It follows Nigeria going more than a year without a case of wild – naturally occurring – polio.
This announcement by WHO was made at a meeting of the Global Polio Eradication Initiative (GPEI) in New York.
This means Nigeria, which in 2012 accounted for more than half of all polio cases worldwide, has recorded a major breakthrough in its fight against polio.
The country last reported a case of wild poliovirus in July 24, 2014, and a full 12 months have passed without a fresh case of the paralysing disease.
Only two countries – Pakistan and Afghanistan are still on the polio-endemic list and WHO has assured it will support their efforts to join list of nations that had been declared free of the disease.
Jean Gough, Unicef country representative in Nigeria, reported that “This is an important milestone, but it is too early to celebrate. We need to continue the efforts at every level if polio is to be eradicated.”
Polio is spread by poor sanitation and contaminated water and usually affects children.
The virus attacks the nervous system and can cause irreversible paralysis – usually of the legs – within hours.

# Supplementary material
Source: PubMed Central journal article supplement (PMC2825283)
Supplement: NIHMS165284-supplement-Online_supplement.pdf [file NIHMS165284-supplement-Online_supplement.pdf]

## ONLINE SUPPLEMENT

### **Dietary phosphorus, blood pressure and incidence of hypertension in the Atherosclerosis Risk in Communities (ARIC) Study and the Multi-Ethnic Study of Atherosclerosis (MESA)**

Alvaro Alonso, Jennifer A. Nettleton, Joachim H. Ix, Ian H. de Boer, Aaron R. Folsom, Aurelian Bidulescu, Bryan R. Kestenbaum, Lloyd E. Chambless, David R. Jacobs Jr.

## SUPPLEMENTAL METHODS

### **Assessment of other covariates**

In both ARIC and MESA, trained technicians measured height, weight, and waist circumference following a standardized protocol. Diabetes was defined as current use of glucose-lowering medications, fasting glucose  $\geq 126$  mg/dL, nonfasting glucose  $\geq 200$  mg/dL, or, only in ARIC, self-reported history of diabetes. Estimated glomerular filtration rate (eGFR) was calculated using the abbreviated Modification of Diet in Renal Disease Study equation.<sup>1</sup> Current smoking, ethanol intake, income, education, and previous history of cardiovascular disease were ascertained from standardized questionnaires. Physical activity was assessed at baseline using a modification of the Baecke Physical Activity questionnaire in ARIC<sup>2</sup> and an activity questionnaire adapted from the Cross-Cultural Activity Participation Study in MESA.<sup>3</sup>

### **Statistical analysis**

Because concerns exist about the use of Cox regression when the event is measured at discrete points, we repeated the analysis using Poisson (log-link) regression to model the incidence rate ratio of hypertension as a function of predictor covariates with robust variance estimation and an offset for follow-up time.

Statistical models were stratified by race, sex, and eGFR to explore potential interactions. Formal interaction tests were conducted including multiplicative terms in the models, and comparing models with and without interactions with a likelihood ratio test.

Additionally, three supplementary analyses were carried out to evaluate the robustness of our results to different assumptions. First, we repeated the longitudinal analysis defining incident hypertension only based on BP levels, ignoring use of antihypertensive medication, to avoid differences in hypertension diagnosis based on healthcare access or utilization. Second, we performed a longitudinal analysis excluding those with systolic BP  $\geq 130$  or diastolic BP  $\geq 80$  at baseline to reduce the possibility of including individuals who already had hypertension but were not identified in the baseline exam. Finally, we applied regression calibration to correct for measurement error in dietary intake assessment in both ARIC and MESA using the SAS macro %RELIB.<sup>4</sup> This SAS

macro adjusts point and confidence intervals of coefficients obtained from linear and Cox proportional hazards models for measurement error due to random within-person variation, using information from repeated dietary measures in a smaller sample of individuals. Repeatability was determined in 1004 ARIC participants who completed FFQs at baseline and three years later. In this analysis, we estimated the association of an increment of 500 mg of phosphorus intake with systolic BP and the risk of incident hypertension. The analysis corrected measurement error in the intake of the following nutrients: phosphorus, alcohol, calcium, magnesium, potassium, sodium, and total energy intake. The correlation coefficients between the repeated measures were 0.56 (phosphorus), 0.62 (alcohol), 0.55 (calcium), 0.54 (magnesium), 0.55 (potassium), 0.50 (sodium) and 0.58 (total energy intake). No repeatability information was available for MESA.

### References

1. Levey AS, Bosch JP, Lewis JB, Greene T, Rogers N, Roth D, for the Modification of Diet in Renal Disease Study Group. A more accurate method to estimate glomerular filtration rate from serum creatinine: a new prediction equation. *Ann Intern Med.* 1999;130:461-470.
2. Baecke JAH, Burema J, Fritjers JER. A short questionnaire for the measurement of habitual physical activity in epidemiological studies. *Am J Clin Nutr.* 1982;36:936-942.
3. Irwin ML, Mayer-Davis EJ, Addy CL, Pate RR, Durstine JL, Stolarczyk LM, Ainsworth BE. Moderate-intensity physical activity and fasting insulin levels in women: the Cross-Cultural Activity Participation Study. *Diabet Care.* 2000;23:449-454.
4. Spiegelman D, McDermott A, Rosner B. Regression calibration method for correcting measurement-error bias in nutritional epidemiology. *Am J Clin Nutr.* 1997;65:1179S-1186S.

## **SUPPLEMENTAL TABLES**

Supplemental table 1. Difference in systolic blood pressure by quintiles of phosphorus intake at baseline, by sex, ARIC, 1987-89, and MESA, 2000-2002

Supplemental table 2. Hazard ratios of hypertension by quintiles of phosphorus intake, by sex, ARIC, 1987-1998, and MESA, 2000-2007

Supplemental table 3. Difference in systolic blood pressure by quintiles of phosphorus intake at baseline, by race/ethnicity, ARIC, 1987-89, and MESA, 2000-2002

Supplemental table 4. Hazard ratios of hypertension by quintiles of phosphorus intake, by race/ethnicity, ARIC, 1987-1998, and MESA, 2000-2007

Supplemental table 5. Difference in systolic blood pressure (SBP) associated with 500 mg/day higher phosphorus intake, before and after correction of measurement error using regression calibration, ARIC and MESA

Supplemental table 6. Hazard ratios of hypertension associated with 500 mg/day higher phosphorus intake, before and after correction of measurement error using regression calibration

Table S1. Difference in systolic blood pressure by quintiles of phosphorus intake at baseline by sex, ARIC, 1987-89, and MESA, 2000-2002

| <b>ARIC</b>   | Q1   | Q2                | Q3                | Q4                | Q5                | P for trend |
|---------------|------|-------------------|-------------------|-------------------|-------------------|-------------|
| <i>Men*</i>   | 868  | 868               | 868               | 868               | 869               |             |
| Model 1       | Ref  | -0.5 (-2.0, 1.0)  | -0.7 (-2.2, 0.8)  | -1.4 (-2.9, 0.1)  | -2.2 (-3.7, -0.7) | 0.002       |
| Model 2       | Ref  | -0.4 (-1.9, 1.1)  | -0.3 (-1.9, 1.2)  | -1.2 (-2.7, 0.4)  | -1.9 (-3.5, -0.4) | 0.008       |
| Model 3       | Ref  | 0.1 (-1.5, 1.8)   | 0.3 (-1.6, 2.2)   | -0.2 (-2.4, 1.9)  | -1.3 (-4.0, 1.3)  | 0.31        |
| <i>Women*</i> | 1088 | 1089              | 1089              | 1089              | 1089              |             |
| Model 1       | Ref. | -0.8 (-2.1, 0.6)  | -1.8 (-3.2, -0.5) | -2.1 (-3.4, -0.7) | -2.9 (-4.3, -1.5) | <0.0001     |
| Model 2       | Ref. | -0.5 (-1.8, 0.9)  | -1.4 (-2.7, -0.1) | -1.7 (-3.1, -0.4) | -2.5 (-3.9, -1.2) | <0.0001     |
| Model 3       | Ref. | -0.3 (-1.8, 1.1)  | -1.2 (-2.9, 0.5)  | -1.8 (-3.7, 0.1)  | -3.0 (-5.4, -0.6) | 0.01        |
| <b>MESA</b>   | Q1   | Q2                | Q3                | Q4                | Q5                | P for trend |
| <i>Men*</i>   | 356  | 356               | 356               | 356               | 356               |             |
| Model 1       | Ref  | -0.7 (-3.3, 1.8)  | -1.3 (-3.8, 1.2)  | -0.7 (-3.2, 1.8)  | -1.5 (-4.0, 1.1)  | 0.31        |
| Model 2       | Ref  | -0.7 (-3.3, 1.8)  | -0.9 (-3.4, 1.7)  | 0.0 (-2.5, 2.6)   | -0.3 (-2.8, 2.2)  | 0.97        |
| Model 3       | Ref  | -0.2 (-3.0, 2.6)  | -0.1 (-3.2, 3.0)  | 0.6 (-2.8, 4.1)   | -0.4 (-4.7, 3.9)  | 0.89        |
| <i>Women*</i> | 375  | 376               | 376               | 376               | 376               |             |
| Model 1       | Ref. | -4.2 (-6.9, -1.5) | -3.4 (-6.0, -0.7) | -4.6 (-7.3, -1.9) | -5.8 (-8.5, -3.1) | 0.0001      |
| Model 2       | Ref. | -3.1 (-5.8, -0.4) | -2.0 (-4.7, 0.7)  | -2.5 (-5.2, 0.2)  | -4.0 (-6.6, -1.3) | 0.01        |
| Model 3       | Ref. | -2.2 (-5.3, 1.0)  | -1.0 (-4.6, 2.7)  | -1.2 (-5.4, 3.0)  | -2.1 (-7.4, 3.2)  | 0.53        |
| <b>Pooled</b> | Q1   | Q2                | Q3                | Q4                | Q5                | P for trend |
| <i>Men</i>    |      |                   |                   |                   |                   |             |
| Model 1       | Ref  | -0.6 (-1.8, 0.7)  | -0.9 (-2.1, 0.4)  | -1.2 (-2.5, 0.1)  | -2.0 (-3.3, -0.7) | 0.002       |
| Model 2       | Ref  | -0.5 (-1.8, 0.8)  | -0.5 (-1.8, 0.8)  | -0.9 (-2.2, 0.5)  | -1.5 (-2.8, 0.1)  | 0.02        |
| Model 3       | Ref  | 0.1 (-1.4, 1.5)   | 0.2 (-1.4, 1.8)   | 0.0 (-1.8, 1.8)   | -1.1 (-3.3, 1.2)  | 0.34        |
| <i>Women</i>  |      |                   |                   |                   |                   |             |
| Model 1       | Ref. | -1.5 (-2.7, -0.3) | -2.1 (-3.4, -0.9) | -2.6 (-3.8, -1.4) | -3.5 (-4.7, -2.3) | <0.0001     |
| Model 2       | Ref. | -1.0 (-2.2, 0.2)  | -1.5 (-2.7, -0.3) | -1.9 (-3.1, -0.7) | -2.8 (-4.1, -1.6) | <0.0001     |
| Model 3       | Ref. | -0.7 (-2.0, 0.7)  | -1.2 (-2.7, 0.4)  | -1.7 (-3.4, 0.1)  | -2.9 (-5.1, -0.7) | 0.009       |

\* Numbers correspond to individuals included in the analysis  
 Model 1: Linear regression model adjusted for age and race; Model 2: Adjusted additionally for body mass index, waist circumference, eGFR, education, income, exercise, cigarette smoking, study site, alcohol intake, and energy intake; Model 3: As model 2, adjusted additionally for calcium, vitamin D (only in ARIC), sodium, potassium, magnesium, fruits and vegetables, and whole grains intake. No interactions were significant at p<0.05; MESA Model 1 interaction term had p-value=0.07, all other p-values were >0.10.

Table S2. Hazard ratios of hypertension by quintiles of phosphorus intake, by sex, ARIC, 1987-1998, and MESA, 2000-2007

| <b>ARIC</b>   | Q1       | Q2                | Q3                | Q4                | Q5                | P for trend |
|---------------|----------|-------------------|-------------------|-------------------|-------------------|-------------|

Nigeria progress against polio has been hard-fought.
In 2003, some northern states boycotted the oral polio vaccine for nearly a year after scare stories that it caused sterilization.
It led to the virus spreading to many countries that had been declared polio free.
In 2013 nine vaccinators were shot dead in Kano. But instead of being a deterrent, it galvanised support at every level.
The Nigeria government declared polio a national health emergency and greatly increased the number of vaccinators.
And community and religious leaders voiced their support.
As a result, the number of families refusing to have their children immunized has decreased sharply.
The success has come despite the Islamist militant insurgency in north-east Nigeria.
Earlier this month Unicef said half a million children had fled attacks by Boko Haram over the past five months.
Vaccine teams have been focussing attention on displaced families who have moved elsewhere in Nigeria, as well as fleeing to neighbouring countries like Cameroon, Chad and Niger.